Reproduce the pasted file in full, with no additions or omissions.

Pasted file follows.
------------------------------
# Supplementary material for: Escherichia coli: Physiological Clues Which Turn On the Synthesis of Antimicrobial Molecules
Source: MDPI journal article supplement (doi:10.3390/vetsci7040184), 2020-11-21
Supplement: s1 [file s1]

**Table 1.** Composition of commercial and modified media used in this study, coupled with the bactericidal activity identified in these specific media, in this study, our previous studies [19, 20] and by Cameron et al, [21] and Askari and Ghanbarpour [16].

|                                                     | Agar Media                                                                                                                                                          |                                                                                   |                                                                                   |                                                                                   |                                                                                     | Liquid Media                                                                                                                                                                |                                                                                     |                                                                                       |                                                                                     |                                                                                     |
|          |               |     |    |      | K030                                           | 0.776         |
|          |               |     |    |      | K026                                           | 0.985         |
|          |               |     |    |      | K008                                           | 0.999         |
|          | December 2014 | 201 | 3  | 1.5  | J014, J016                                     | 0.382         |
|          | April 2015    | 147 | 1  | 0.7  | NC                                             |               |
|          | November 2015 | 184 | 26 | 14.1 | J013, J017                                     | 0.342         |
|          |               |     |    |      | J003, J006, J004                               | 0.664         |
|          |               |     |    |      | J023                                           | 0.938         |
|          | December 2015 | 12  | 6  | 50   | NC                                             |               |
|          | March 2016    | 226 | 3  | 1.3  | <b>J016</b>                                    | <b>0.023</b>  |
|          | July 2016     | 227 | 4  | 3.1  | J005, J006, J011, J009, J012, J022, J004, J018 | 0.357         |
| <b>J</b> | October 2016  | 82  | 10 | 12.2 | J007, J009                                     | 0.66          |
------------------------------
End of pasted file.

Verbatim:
# Supplementary material for: Escherichia coli: Physiological Clues Which Turn On the Synthesis of Antimicrobial Molecules
Source: MDPI journal article supplement (doi:10.3390/vetsci7040184), 2020-11-21
Supplement: s1 [file s1]

**Table 1.** Composition of commercial and modified media used in this study, coupled with the bactericidal activity identified in these specific media, in this study, our previous studies [19, 20] and by Cameron et al, [21] and Askari and Ghanbarpour [16].

|                                                     | Agar Media                                                                                                                                                          |                                                                                   |                                                                                   |                                                                                   |                                                                                     | Liquid Media                                                                                                                                                                |                                                                                     |                                                                                       |                                                                                     |                                                                                     |
|          |               |     |    |      | K030                                           | 0.776         |
|          |               |     |    |      | K026                                           | 0.985         |
|          |               |     |    |      | K008                                           | 0.999         |
|          | December 2014 | 201 | 3  | 1.5  | J014, J016                                     | 0.382         |
|          | April 2015    | 147 | 1  | 0.7  | NC                                             |               |
|          | November 2015 | 184 | 26 | 14.1 | J013, J017                                     | 0.342         |
|          |               |     |    |      | J003, J006, J004                               | 0.664         |
|          |               |     |    |      | J023                                           | 0.938         |
|          | December 2015 | 12  | 6  | 50   | NC                                             |               |
|          | March 2016    | 226 | 3  | 1.3  | <b>J016</b>                                    | <b>0.023</b>  |
|          | July 2016     | 227 | 4  | 3.1  | J005, J006, J011, J009, J012, J022, J004, J018 | 0.357         |
| <b>J</b> | October 2016  | 82  | 10 | 12.2 | J007, J009                                     | 0.66          |